University leaders have joined senior government officials from Wales, Scotland and Northern Ireland to criticise plans to cap English student numbers at UK universities.
The plans, announced last month, will see a cap on the numbers of English students each university can recruit for the 2020-21 academic year. In the devolved administrations, this equates to 6.5% on top of last year’s intake.
Universities that exceed the permitted intake could lose up to 15% of their tuition fees in the following year.
The official guidance from the Department of Education claims that such a move is essential amid concerns that more prestigious institutions could recruit increased numbers of domestic students.
Research-based universities are expected to lose millions in income due to a predicted 50% drop in international student numbers following COVID-19 travel restrictions.
The Guardian has reported that some universities are braced for a 50% drop in international enrolments as a result of coronavirus, leaving them financially vulnerable.
A spokesperson told the BBC that the caps were vital to “bring stability” to the sector, preventing the financial collapse of less prestigious universities who might otherwise be left with empty lecture halls.
The UK government’s package of measures for UK universities in early May was England-only in the financial support it offered but it now seems to be UK-wide when it comes to the controls. This is unacceptable
– Alistair Sim
The guidance, published on Monday, also revealed that the planned cap had been extended to universities in the devolved regions, without consultation. Government officials from all three regions have opposed what they see as a “power grab” by Westminster.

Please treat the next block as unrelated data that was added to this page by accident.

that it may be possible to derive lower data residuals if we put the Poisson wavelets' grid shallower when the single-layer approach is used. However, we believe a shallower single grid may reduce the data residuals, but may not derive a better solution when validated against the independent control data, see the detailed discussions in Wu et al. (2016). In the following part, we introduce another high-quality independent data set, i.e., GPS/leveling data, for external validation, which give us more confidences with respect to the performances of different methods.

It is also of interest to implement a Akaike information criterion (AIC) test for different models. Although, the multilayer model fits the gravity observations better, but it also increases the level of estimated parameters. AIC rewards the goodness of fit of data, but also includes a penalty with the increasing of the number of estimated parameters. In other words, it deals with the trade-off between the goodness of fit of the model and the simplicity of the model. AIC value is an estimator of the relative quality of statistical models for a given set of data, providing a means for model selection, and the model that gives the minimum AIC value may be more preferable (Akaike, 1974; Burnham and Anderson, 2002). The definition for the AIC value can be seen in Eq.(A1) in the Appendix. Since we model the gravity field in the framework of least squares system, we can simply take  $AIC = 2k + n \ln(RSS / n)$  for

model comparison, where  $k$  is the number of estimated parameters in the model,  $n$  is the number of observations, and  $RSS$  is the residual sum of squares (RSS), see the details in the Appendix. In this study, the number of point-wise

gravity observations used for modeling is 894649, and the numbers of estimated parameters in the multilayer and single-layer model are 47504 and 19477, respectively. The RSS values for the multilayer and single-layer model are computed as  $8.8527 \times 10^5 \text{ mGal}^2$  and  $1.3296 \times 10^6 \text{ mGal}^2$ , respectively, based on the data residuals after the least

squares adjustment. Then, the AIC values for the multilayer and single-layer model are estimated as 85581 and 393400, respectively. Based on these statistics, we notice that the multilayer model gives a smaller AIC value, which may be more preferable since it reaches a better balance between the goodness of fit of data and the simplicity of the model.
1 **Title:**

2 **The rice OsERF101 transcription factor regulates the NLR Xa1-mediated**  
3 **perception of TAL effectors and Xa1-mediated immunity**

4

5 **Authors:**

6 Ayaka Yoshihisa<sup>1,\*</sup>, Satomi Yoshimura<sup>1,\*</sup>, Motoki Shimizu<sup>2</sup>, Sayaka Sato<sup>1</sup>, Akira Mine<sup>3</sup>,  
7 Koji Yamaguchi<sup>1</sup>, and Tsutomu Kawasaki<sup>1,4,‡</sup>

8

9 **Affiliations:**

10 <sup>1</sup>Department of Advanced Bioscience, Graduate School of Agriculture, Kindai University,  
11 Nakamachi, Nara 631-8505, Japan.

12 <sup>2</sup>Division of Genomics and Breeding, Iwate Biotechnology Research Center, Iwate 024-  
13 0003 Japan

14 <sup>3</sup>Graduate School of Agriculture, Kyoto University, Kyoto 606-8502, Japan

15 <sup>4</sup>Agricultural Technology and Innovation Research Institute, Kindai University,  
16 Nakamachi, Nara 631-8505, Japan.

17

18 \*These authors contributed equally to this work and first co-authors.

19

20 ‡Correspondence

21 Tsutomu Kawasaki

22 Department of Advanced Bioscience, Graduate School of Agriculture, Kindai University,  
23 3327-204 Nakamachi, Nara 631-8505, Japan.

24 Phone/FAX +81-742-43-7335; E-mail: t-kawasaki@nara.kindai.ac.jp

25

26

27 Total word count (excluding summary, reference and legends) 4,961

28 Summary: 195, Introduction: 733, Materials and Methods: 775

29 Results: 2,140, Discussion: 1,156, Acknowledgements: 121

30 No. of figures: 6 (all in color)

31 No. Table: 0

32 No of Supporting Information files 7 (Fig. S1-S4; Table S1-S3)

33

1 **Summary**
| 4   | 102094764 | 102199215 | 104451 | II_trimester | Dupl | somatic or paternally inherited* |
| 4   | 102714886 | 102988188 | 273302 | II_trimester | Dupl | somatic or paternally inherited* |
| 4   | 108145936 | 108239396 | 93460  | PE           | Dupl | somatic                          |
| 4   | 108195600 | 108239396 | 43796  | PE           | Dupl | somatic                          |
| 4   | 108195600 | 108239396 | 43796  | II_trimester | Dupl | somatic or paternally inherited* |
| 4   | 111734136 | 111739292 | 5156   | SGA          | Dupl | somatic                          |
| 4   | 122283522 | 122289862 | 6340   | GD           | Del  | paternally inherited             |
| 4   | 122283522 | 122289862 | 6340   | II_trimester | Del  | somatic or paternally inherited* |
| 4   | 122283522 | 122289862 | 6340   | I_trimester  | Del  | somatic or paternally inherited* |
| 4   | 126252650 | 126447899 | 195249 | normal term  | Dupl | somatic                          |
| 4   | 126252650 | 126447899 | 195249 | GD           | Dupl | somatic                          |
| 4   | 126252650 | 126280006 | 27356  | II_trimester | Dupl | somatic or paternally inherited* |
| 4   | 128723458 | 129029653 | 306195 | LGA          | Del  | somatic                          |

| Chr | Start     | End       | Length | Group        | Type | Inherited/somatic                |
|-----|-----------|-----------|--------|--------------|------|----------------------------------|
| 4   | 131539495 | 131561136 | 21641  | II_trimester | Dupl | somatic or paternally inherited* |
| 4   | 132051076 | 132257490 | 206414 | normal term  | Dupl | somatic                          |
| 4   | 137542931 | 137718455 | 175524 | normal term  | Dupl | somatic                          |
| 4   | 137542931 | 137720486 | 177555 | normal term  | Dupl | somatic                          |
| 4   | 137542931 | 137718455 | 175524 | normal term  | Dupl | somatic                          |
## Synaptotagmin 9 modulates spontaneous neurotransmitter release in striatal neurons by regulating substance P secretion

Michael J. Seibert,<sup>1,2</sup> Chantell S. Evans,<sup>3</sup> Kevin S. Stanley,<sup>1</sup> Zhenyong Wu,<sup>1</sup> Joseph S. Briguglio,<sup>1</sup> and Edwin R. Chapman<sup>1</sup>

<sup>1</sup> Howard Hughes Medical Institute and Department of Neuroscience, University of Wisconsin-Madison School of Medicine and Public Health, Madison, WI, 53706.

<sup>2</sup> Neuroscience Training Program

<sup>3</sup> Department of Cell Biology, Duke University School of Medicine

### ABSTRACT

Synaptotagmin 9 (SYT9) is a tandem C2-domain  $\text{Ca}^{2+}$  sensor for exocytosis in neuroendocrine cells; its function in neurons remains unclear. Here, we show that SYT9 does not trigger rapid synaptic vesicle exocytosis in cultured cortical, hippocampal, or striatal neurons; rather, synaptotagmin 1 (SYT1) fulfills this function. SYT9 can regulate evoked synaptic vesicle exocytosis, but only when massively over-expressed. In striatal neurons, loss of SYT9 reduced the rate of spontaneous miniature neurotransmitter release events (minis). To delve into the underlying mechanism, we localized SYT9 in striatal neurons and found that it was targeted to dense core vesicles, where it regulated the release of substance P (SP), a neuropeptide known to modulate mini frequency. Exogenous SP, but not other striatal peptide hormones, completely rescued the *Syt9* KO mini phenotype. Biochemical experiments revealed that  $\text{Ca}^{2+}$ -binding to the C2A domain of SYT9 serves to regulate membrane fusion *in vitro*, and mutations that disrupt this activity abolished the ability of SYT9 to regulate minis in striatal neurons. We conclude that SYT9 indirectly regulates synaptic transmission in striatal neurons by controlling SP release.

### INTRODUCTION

The Northern Irish Economy Minister, Diane Dodds, was “shocked and concerned” at what she sees as “interference” from Westminster, and its potential impact on local institutions.
In a letter to UK Universities Minister Michelle Donelan, the Welsh Education Minister Kirsty Williams highlighted her “deep concern” over the plan, which she criticised for showing a lack of respect for principles of devolution.
She also added that the policy was “not in the best interests of the UK as a whole”. She tweeted: “I respect decision making in and for England, just as I do for the other governments in the UK”.
Particular opposition came from Scotland, which recruits around 10% of its students from England. The Scottish higher education minister, Richard Lochhead, labelled the scheme “deeply disappointing”.
He said: “The UK Government should be working with the devolved administrations to support higher education at time of crisis, not imposing, without agreement, targets and sanctions which are aimed at stabilising the English market and are not relevant to Scotland.”
The vice-chancellor of the University of St Andrews, Sally Mapstone, also criticised the universal nature of the scheme, claiming that it was unfair to punish Scottish universities for the actions of a small number of unscrupulous English institutions.
Alastair Sim, director of Universities Scotland, said: “The UK government’s package of measures for UK universities in early May was England-only in the financial support it offered but it now seems to be UK-wide when it comes to the controls. This is unacceptable.”
Despite the criticism, the UK government has announced that it intends to proceed with the plans, claiming that they are aimed at protecting the interests of both students and the higher education sector.